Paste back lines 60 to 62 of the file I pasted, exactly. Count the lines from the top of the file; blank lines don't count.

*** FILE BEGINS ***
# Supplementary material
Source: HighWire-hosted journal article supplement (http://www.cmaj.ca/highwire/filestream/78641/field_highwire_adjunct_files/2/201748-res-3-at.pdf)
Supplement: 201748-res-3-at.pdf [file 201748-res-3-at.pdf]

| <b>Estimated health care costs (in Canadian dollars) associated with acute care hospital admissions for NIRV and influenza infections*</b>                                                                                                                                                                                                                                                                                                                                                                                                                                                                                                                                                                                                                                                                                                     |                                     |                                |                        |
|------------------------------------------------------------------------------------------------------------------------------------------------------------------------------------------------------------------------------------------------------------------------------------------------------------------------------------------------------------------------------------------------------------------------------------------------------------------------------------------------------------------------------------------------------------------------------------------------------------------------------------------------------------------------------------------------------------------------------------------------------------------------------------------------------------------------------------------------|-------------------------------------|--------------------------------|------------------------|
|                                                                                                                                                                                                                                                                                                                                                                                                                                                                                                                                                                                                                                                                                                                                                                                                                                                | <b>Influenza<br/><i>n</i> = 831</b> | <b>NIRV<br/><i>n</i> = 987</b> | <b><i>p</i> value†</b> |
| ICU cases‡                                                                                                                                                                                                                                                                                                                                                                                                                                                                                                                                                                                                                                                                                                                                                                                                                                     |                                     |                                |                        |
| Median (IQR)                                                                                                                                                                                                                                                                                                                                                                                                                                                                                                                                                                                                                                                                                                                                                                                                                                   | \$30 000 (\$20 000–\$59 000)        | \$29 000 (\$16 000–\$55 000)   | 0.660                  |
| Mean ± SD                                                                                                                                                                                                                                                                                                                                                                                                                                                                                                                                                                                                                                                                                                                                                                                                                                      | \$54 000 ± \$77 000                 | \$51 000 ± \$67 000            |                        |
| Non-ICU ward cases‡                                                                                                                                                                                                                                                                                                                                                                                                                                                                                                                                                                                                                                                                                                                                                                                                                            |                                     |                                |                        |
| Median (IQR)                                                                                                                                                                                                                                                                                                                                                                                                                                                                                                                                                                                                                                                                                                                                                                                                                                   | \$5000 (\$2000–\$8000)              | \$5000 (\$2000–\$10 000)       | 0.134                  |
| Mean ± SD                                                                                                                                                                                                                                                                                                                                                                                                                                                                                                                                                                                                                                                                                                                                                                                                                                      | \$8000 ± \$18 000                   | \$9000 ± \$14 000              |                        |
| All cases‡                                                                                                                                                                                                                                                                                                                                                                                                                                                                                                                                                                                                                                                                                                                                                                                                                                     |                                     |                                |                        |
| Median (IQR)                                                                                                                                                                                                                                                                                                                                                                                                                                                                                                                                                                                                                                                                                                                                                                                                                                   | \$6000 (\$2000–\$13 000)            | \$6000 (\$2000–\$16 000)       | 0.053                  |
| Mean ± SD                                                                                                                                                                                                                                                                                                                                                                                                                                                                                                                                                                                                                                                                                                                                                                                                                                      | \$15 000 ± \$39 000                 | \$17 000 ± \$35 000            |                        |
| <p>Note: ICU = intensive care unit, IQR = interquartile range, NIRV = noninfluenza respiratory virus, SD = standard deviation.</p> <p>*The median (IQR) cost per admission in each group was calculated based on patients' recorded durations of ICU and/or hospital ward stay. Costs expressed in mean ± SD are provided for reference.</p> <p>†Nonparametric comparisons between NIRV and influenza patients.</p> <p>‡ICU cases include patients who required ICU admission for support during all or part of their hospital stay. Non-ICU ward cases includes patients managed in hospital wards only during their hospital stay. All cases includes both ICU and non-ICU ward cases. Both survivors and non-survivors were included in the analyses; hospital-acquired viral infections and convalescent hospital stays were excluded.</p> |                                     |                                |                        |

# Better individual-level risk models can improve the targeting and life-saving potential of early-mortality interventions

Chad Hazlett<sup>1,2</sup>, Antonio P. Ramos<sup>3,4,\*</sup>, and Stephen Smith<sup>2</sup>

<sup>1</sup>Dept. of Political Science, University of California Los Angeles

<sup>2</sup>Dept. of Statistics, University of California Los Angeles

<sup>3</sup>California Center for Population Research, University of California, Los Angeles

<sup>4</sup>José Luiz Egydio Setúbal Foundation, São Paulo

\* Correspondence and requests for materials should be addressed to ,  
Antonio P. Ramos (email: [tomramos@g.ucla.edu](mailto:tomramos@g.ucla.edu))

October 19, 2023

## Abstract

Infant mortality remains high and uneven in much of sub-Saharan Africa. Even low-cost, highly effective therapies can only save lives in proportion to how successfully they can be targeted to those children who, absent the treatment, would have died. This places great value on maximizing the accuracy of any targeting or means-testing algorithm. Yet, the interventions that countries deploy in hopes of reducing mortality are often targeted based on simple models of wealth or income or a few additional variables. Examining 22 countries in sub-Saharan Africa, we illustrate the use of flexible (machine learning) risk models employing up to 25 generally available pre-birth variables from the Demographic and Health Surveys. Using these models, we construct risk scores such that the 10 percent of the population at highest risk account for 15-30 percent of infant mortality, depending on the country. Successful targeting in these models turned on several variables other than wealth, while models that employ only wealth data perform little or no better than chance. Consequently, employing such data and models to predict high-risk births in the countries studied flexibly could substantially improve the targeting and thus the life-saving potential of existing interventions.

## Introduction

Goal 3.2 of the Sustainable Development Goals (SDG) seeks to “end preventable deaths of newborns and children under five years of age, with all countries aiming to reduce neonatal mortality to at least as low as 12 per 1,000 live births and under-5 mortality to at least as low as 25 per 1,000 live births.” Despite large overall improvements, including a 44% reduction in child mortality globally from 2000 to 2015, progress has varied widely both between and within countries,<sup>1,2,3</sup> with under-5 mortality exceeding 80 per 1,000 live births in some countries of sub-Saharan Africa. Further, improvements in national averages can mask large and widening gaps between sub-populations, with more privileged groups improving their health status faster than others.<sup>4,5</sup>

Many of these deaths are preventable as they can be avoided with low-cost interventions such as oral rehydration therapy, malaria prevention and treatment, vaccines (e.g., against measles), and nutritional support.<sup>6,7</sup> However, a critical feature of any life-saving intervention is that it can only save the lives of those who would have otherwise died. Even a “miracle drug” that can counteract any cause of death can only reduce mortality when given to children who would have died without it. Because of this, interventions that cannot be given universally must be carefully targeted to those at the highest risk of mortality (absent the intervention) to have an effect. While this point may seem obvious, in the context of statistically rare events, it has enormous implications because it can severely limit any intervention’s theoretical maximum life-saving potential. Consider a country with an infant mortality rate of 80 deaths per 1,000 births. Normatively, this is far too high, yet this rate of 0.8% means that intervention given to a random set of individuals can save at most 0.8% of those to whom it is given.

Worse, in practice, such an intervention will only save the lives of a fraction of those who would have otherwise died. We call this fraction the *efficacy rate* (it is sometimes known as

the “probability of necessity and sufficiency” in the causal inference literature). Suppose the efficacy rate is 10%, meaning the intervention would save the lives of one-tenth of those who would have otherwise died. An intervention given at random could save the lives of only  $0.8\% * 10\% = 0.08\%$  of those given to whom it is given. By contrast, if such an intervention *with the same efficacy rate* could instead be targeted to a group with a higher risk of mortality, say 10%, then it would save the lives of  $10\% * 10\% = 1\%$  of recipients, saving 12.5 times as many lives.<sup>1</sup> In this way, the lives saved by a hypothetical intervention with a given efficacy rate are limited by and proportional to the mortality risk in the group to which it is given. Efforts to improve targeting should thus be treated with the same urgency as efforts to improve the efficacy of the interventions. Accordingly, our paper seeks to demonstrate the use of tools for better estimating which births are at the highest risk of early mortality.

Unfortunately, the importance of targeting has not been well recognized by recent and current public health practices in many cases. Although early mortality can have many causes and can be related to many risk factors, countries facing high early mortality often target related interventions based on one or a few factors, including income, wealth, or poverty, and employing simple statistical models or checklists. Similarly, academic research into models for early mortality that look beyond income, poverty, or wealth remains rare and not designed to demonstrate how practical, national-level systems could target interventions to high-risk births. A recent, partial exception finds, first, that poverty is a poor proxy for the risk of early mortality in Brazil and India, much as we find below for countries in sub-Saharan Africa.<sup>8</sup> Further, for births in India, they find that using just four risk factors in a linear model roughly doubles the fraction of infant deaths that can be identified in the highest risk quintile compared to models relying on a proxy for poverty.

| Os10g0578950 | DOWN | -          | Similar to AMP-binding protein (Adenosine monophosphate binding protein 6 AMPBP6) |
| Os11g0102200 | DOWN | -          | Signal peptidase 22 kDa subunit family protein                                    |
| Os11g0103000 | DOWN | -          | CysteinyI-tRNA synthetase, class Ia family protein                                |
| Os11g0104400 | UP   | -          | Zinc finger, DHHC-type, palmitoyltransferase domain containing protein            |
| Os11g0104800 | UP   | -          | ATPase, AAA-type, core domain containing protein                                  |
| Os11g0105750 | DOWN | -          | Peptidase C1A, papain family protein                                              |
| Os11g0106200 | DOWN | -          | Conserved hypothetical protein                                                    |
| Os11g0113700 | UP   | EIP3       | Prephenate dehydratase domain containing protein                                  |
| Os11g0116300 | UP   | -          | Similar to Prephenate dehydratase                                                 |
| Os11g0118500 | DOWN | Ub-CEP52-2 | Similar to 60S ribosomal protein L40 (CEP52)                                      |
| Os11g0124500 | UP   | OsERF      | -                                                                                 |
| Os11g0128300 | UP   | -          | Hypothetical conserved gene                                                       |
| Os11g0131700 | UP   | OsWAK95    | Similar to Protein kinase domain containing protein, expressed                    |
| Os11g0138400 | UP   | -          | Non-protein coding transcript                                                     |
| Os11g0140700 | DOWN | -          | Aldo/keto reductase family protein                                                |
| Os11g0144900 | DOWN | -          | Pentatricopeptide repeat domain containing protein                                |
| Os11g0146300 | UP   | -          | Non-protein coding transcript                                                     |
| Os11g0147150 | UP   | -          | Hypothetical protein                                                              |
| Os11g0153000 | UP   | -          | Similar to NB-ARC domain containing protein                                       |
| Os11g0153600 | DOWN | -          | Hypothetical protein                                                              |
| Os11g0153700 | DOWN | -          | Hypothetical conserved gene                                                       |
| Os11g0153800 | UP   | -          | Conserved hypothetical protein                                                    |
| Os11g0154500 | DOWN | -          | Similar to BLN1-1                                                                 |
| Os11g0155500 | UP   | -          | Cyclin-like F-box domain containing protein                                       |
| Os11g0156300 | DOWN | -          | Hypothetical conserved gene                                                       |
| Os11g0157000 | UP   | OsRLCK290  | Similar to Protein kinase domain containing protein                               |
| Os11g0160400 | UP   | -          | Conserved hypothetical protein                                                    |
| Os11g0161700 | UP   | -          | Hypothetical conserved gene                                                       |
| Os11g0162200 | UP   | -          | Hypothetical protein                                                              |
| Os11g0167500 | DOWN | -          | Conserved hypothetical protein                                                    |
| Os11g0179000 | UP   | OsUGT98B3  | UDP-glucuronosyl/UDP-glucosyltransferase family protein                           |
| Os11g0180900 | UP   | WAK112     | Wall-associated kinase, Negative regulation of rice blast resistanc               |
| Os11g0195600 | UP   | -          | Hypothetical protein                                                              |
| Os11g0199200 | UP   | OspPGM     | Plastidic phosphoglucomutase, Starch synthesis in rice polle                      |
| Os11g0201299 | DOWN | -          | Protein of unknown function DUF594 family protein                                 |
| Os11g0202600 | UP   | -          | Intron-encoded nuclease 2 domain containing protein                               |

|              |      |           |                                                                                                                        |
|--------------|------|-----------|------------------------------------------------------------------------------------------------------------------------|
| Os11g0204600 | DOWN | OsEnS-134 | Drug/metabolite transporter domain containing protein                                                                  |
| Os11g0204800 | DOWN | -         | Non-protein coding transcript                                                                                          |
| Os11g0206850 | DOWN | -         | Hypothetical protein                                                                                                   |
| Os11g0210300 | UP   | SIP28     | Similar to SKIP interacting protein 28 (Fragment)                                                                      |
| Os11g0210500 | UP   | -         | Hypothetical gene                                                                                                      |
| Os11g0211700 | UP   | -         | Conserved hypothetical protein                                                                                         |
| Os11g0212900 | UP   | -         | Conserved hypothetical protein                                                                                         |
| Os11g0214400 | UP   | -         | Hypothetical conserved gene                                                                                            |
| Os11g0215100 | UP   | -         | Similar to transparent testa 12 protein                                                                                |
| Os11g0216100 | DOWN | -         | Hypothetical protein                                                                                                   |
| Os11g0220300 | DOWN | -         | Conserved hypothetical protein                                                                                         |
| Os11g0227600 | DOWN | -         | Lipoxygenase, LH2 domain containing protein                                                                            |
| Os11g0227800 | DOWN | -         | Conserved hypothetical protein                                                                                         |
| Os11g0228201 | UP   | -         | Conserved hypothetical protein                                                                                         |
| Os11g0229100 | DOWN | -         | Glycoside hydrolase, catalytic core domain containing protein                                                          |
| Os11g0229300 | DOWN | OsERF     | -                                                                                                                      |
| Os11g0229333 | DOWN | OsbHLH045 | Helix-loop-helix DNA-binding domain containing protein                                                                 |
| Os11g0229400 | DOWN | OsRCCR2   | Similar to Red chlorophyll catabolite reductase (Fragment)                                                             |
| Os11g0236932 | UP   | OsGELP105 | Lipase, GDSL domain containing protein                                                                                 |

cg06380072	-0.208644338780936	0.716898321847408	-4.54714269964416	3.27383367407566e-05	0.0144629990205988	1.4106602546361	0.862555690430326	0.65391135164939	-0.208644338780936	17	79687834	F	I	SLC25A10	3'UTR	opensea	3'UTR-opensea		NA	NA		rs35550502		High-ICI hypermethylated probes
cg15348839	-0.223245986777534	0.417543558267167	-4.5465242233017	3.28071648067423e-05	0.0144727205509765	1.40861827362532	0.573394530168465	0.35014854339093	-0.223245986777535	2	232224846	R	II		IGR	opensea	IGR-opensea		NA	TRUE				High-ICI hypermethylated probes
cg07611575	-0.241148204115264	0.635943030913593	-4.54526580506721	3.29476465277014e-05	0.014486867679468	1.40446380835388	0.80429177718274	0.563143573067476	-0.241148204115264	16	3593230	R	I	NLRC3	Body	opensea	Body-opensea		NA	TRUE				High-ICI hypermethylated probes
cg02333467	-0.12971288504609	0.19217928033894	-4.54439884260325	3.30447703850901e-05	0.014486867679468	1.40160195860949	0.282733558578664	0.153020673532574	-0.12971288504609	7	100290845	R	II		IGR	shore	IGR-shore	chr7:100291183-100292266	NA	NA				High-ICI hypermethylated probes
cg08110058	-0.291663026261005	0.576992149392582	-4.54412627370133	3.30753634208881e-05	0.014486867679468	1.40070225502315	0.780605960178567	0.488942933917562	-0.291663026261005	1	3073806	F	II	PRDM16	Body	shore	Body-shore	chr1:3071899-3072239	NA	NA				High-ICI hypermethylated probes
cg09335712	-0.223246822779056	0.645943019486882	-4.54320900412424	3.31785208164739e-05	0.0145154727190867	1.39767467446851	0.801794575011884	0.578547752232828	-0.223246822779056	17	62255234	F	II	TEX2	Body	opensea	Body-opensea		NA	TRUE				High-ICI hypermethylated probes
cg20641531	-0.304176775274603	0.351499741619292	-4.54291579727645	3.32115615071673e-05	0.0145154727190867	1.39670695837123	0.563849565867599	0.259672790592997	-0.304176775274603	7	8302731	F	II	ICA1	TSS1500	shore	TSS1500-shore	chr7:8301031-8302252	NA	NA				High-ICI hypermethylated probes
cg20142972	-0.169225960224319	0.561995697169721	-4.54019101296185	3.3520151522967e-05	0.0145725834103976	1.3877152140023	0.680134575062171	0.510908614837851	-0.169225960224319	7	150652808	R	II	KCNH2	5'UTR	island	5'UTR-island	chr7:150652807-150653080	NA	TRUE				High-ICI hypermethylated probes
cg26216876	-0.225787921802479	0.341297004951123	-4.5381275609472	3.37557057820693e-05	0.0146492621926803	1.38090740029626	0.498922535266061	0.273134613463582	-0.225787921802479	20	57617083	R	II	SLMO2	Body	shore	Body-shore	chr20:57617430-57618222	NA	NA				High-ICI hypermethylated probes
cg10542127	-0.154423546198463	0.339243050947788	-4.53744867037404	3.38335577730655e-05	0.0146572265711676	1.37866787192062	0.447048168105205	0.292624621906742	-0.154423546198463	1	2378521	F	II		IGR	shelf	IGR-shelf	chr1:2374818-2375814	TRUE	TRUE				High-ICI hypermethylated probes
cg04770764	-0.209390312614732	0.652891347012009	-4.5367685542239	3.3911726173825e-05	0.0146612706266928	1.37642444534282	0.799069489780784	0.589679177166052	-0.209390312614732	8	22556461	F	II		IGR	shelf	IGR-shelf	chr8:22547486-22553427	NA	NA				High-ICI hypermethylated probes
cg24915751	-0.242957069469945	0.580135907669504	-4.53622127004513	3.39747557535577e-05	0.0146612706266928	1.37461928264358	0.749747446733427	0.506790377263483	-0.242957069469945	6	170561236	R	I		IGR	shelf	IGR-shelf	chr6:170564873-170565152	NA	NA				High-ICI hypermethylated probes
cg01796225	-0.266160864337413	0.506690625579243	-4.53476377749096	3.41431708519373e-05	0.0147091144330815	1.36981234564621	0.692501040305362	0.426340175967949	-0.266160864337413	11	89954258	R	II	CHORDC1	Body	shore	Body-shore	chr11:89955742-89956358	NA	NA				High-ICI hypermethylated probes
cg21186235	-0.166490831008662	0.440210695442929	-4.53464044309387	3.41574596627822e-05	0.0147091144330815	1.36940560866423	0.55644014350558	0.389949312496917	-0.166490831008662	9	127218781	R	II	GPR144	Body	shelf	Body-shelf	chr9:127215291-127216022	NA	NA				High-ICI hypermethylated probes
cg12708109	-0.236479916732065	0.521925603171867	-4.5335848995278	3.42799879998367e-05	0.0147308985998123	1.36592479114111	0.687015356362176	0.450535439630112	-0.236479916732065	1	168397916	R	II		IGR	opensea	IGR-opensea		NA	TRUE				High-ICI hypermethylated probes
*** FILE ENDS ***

| Os11g0160400 | UP   | -          | Conserved hypothetical protein                                                    |
| Os11g0161700 | UP   | -          | Hypothetical conserved gene                                                       |
| Os11g0162200 | UP   | -          | Hypothetical protein                                                              |